‘Nubbing’ Manager Case Headed for Trial


     CORPUS CHRISTI, Texas (CN) – Weatherford International must go to trial to dispute claims its supervisor-dominate culture let a boss humiliate workers by sticking his finger in their butts, a federal judge ruled.
     Headquartered in Switzerland, Weatherford International is one of the world’s largest oil-field service firms. It employs more than 60,000 people and operates in over 100 countries.
     Three former Weatherford employees sued the company in May 2014, alleging their boss Joey Estrada used his distinctive body part to assault them.
     Estrada was known around the workplace as “Mr. Nub” and “The Nub” because he is missing half a finger, according to the lawsuit as cited in U.S. District Judge Nelva Gonzales Ramos’ July 27 ruling.
     Estrada ran a Weatherford crew in Texas and terrorized subordinates with his finger, the plaintiffs claim.
     He stuck it in their drinks, licked it and put it in their ears, and threatened to “nub” workers by punching them with the nub extended, the ruling said.
     Estrada allegedly made good on his threats to three workers, Ricardo Arredondo Jr., Richard Rabino and Mario Torrez.
     They claim that crew members grabbed them and held them down, or duct-taped them so they couldn’t move, and Estrada punched them in the butt with his nub extended and – although they were wearing coveralls – the light material allowed Estrada’s finger to penetrate them.
     The trio claims Estrada peppered the assaults with comments such as “Get loose, bitch,” “Who’s your daddy?” and “Do you want to be my bitch?”
     The workers claim other Weatherford supervisors witnessed or heard about the assaults and laughed it off, saying “That’s just Joey.”
     Though Weatherford maintained an anonymous tip line for workers, the plaintiffs claim they feared complaining could lead to them being fired, or could make them targets for further workplace hijinks.
     Weatherford fired Estrada, and either fired or disciplined his flunkies, after a third party who saw him assault Torrez called in an anonymous complaint to the tip line.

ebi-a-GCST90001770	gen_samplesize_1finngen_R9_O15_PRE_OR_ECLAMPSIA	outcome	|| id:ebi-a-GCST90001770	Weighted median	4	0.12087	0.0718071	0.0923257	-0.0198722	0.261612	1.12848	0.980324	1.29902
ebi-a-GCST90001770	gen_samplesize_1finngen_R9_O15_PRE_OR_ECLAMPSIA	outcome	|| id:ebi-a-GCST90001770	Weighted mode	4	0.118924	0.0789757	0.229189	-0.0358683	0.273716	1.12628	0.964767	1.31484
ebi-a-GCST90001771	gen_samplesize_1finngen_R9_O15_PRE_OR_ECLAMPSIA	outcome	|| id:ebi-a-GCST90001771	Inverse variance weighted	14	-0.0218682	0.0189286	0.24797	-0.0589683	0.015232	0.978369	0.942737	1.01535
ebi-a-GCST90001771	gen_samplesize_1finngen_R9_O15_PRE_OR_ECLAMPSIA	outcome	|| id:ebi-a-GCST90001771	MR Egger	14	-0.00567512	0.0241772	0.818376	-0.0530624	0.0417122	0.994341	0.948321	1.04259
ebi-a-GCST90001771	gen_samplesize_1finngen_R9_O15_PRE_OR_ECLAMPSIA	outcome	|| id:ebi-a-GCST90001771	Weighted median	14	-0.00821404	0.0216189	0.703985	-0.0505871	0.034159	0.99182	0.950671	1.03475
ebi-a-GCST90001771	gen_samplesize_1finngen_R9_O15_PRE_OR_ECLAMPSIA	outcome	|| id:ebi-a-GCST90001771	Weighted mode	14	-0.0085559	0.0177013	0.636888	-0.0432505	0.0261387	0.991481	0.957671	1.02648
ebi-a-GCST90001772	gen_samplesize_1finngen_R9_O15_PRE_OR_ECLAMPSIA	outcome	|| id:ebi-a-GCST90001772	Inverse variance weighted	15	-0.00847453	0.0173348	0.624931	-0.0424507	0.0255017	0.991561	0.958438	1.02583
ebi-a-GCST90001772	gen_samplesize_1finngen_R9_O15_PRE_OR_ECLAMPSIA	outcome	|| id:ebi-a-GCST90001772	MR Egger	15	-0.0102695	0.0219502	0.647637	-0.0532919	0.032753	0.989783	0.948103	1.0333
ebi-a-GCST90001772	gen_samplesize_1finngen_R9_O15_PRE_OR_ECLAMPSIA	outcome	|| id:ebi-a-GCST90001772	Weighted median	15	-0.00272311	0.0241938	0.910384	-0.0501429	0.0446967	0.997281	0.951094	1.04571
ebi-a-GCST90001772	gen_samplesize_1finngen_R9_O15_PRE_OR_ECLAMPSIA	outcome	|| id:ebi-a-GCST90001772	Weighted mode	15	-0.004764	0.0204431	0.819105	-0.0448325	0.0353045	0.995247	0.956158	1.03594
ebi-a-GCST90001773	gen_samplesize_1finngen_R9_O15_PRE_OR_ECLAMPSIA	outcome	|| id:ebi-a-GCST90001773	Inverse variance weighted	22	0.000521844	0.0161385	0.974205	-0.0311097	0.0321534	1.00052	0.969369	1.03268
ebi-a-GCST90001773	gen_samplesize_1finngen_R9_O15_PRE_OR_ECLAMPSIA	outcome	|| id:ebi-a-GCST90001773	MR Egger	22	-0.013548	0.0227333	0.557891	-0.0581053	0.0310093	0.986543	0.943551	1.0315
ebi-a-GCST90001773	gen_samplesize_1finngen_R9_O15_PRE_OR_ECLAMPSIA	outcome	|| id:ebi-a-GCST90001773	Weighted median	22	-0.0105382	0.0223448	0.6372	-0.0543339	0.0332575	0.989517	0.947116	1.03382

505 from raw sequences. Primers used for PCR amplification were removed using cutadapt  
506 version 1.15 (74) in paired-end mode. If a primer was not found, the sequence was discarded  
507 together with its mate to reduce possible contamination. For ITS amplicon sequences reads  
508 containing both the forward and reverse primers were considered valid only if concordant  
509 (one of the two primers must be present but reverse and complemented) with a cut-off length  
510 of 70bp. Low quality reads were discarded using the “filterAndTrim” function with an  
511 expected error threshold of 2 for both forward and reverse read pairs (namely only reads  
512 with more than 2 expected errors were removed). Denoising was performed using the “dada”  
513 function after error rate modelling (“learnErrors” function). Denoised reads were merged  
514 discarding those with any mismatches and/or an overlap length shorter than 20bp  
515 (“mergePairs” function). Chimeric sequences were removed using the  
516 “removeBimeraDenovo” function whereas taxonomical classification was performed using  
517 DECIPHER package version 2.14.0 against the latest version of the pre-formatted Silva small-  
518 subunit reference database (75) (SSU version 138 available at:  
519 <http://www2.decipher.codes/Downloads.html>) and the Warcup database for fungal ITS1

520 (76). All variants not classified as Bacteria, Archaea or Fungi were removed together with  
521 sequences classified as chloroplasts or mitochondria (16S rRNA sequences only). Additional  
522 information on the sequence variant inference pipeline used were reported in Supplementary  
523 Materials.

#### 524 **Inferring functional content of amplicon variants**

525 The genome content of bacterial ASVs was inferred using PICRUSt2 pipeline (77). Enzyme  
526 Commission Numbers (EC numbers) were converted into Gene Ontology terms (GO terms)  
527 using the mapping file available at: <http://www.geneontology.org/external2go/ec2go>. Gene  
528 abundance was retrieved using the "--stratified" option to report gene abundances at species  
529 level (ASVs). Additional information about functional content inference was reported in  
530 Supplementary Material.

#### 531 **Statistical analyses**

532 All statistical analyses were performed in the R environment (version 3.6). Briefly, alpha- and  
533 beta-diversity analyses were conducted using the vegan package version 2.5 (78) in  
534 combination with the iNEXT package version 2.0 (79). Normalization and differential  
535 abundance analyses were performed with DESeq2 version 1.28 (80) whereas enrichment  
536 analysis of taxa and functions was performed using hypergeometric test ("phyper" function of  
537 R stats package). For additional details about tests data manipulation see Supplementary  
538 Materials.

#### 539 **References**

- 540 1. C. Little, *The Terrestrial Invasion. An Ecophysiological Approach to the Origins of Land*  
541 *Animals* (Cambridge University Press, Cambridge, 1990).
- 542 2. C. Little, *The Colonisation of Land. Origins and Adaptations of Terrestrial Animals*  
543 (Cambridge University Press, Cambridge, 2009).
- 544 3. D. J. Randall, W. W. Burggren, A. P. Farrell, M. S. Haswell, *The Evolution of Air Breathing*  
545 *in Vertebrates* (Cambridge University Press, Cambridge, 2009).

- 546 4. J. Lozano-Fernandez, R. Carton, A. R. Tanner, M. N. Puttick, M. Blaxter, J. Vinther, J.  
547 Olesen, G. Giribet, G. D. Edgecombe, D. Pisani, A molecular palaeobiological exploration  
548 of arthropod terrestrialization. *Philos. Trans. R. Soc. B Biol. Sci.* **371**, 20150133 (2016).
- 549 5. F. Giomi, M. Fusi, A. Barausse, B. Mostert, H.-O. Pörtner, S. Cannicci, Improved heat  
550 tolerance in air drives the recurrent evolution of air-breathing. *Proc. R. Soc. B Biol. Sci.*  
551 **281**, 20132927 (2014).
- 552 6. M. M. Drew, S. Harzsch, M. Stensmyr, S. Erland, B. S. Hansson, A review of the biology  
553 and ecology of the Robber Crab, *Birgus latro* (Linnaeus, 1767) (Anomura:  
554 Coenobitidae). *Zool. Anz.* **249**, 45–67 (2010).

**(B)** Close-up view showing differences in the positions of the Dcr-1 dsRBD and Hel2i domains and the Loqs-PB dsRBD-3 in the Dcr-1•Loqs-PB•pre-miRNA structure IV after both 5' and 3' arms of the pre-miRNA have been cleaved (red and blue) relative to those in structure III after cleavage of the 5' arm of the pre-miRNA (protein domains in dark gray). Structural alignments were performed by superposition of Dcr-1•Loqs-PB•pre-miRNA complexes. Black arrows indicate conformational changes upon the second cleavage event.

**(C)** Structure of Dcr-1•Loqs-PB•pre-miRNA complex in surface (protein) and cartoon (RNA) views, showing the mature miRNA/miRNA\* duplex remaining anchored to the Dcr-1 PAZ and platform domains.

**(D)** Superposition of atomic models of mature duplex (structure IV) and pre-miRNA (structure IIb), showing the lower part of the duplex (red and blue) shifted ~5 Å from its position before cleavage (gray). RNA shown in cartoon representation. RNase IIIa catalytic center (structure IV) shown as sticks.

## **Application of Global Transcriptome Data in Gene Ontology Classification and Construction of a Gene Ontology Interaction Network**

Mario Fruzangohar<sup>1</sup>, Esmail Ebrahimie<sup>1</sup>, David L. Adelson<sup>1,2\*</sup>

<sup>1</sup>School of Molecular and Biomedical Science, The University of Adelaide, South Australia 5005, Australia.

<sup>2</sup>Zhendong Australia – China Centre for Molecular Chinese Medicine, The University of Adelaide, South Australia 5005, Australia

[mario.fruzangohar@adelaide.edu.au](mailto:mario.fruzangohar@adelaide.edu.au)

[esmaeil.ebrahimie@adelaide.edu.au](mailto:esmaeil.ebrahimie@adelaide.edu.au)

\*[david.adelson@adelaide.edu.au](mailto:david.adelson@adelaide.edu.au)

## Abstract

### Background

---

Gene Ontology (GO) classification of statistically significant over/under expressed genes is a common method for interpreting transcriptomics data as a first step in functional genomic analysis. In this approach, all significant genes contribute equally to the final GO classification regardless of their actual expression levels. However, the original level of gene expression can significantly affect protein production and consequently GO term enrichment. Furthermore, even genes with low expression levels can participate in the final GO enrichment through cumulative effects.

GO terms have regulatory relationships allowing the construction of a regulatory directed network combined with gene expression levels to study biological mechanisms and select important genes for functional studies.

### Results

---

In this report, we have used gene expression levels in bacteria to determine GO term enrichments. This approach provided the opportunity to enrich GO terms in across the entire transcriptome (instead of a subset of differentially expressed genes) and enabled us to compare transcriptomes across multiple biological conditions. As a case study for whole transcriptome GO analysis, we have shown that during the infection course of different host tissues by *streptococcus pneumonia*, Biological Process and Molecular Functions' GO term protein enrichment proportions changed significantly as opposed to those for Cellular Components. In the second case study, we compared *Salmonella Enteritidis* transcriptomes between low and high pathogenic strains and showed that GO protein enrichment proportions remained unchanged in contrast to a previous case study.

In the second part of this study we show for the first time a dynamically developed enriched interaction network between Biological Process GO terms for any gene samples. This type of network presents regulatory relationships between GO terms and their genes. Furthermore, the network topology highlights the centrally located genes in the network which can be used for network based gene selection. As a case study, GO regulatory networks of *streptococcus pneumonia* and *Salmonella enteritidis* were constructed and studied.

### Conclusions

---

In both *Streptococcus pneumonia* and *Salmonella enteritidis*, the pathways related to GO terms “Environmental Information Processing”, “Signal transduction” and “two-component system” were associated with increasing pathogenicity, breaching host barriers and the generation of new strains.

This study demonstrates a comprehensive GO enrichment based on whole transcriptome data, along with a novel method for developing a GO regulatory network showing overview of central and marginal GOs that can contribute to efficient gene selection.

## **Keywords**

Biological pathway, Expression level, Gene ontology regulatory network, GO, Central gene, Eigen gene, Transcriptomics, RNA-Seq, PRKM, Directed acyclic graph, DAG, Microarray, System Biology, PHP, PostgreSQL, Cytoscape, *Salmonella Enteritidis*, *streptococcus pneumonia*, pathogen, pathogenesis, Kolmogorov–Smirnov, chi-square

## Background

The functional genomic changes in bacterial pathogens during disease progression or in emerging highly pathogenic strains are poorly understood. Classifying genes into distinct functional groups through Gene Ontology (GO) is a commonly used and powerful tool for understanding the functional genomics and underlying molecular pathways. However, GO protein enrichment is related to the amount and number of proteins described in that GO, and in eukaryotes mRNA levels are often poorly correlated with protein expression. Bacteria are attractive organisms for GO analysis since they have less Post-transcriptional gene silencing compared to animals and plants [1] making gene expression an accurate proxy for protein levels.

Arredondo, Rabino and Torrez all resigned from the company either before or shortly after the investigation that led to Estrada’s firing.
     They sued Weatherford for civil rights violations: gender discrimination, sexual harassment, hostile workplace and constructive discharge. They also made state claims of assault, infliction of emotional distress and negligent hiring of Estrada.
     Gonzales Ramos trimmed the case down on Monday, but refused to dismiss it and ordered a jury trial.
     “Plaintiffs have certainly submitted sufficient evidence to raise a disputed issue of material fact on the severity and pervasiveness of Estrada’s conduct and its effect on their employment,” she wrote, dismissing all the plaintiffs’ claims except their gender discrimination and assault allegations.
     It’s now up to a jury to decide whether “Estrada’s conduct constituting alleged assault was perpetrated for the purpose of directing his crew or was ratified by Weatherford through its supervisors who had knowledge and failed to stop the conduct,” Gonzales Ramos wrote in the 19-page order.
     Weatherford’s attorney Nickolas Spiliotis did not respond to a comment request. He is with Jackson Walker in Houston.

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